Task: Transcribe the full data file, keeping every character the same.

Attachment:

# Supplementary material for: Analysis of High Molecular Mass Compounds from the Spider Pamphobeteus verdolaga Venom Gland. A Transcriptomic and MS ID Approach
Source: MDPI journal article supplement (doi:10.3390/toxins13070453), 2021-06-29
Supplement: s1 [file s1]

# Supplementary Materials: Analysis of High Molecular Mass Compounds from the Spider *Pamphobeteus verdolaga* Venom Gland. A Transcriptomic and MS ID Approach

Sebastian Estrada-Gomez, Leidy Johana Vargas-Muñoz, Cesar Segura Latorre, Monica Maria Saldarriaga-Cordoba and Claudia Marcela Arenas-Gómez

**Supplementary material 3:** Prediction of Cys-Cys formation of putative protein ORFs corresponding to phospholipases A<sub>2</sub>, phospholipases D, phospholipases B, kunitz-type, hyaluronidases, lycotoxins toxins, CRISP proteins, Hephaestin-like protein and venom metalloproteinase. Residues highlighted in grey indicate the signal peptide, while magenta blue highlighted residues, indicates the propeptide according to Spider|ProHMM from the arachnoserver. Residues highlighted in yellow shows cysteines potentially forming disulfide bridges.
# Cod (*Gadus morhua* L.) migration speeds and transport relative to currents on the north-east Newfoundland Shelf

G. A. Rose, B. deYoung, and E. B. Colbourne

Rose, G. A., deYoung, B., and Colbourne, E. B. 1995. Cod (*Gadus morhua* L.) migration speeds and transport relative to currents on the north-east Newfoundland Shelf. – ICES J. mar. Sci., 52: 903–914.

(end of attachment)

# Supplementary material for: Analysis of High Molecular Mass Compounds from the Spider Pamphobeteus verdolaga Venom Gland. A Transcriptomic and MS ID Approach
Source: MDPI journal article supplement (doi:10.3390/toxins13070453), 2021-06-29
Supplement: s1 [file s1]

# Supplementary Materials: Analysis of High Molecular Mass Compounds from the Spider *Pamphobeteus verdolaga* Venom Gland. A Transcriptomic and MS ID Approach

Sebastian Estrada-Gomez, Leidy Johana Vargas-Muñoz, Cesar Segura Latorre, Monica Maria Saldarriaga-Cordoba and Claudia Marcela Arenas-Gómez

**Supplementary material 3:** Prediction of Cys-Cys formation of putative protein ORFs corresponding to phospholipases A<sub>2</sub>, phospholipases D, phospholipases B, kunitz-type, hyaluronidases, lycotoxins toxins, CRISP proteins, Hephaestin-like protein and venom metalloproteinase. Residues highlighted in grey indicate the signal peptide, while magenta blue highlighted residues, indicates the propeptide according to Spider|ProHMM from the arachnoserver. Residues highlighted in yellow shows cysteines potentially forming disulfide bridges.
# Cod (*Gadus morhua* L.) migration speeds and transport relative to currents on the north-east Newfoundland Shelf

G. A. Rose, B. deYoung, and E. B. Colbourne

Rose, G. A., deYoung, B., and Colbourne, E. B. 1995. Cod (*Gadus morhua* L.) migration speeds and transport relative to currents on the north-east Newfoundland Shelf. – ICES J. mar. Sci., 52: 903–914.